She waved a hand at Herald Jazz. “Don’t worry. Riffly-butt isn’t forcing me to move,” she responded, trying out a new name for her uncle.
Herald Jazz laughed. “Riffly-butt? I like that one. That’s my new one,” she called as she headed back downstairs without another word about the problem.
With that, she was alone. Checking over her shoulder to be sure that no one was watching, she went into the room and sat on the bed for a few clacks, just biding her time. She knew, because it was what she would do, that Herald Jazz was waiting downstairs, listening for any signs that she (or rather Amaya) needed anything or was having any problems. So she just had to wait the Herald out long enough for her not to notice when Amadhay went to go and get to Palnoki’s Wrangler.
In the meantime, she looked around the room. It was clean, in fact surprisingly so, given she never would have thought of taverns to be well cleaned, considering the draw was the alcohol of the pub, not the bedrooms. Either way, it was clean enough to pass her inspection, with the single bed centered against one wall and a single window showing the street. There was no closet and the dresser was relatively small, not even large enough for her to fit in there for a surprise attack. The room was sparse, with a low table, single (extremely ugly) painting, and (kind of dying) potted plant being the only unnecessary ornamentations.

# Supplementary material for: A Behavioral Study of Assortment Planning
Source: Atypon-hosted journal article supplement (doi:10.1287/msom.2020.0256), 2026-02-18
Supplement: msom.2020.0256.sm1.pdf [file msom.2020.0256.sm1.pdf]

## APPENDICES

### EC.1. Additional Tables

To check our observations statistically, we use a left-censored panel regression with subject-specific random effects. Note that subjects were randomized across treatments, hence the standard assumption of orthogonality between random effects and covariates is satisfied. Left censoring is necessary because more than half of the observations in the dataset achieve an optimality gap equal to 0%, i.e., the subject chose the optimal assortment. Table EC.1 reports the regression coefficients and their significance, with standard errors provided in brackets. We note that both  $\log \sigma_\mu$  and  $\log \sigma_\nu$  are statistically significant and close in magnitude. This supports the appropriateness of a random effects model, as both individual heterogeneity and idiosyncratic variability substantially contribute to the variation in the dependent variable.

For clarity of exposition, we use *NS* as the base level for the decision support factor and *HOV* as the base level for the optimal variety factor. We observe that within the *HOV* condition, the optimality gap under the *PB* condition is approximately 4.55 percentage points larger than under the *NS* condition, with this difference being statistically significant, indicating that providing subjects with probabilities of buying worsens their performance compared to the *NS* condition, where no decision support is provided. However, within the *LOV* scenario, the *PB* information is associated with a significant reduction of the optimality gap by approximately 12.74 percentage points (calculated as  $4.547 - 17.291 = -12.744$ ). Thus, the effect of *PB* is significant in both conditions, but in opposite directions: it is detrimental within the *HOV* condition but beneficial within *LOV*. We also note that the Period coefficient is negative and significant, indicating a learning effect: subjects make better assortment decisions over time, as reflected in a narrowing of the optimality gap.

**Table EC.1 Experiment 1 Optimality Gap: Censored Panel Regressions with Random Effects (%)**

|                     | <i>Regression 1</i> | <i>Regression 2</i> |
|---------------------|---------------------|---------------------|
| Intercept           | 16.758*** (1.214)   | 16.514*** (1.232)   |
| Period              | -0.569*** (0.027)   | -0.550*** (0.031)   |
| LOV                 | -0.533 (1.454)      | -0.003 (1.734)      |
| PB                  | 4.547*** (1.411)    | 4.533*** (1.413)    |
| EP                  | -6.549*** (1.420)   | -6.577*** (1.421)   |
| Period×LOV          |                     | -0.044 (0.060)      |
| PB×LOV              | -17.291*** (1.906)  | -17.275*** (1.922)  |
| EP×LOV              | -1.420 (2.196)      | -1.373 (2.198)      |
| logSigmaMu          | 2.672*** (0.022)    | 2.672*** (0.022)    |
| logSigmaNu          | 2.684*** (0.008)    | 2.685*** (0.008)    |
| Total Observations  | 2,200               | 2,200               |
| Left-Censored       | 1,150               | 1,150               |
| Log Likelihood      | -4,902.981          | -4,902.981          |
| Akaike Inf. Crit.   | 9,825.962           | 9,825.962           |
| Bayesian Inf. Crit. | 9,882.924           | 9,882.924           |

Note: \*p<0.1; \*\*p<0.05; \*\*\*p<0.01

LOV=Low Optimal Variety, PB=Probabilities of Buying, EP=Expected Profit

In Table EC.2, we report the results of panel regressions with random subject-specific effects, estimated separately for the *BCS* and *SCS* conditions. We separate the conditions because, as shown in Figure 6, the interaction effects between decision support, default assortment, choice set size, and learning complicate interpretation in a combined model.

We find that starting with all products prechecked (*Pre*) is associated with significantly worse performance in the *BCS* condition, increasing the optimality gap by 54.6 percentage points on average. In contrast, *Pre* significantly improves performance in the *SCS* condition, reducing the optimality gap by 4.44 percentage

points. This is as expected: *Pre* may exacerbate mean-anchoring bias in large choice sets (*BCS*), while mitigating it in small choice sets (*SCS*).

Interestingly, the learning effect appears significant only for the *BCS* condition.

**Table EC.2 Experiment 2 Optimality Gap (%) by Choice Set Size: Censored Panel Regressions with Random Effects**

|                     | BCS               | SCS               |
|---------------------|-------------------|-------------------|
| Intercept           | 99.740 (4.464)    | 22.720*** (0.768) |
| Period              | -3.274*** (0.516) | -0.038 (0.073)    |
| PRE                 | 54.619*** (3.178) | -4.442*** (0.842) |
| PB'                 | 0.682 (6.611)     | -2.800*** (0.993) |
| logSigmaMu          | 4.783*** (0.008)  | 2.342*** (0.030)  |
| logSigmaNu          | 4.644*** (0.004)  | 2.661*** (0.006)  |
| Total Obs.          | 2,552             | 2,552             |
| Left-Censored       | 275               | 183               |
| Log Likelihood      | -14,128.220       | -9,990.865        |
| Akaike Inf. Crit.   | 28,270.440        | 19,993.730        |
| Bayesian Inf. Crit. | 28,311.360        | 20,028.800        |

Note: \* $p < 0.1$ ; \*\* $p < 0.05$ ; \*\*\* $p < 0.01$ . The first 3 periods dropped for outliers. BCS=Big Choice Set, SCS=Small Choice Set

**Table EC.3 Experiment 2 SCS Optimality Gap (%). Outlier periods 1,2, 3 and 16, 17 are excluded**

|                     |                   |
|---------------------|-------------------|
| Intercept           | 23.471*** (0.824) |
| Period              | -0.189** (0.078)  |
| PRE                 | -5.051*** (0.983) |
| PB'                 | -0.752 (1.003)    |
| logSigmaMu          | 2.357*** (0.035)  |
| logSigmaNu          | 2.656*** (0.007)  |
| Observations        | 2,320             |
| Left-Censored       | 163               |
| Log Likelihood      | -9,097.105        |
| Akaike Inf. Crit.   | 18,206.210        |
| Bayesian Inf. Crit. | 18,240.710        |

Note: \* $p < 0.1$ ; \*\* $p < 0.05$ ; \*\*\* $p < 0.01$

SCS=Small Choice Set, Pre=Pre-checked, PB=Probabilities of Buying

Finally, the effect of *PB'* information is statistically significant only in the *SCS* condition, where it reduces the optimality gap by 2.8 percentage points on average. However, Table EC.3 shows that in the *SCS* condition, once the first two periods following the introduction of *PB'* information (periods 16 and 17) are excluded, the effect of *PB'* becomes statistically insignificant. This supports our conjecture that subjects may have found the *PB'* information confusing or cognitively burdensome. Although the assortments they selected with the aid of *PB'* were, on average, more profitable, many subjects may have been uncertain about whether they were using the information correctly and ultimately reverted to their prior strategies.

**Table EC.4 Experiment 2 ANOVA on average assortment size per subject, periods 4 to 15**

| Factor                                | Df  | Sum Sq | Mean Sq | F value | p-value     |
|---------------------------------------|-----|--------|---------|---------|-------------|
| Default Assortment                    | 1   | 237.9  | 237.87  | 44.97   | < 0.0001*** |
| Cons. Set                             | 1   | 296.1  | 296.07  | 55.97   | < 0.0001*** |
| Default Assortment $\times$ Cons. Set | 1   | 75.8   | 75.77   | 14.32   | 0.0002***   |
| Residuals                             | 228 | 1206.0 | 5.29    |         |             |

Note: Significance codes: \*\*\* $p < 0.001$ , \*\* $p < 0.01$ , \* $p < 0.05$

As far as she could tell, there was no way in aside from the door, considering that the window certainly wouldn’t fit her shoulders, much less her hips. It was only wide enough to fit her head through, but positioned well enough to see if someone was scoping the room, placed at an angle to make it harder on anyone trying to look in. The window couldn’t give a very good view of the room because of that angle.
Who in the Water was Jymothie Byrd that his inn was created like a safe house? Did he know he was housing the Palnoki? Was he a Herald sympathizer? Or worse yet, was he a Palnoki sympathizer? She sat back down on the bed and thought for a moment. Essebelle hadn’t given her much more information on Byrd than Atlas had, which was to say, she knew next to nothing on the man other than he was a human ally of Amaya and her friends (which wasn’t quite the same as being a Herald sympathizer, but she was leaning toward that) who happened to own the tavern in which three Heralds worked and two Palnoki members lived. Deciding to get more information on Jymothie Byrd the moment she was done with this mission, she put her thoughts on the mysterious man behind her.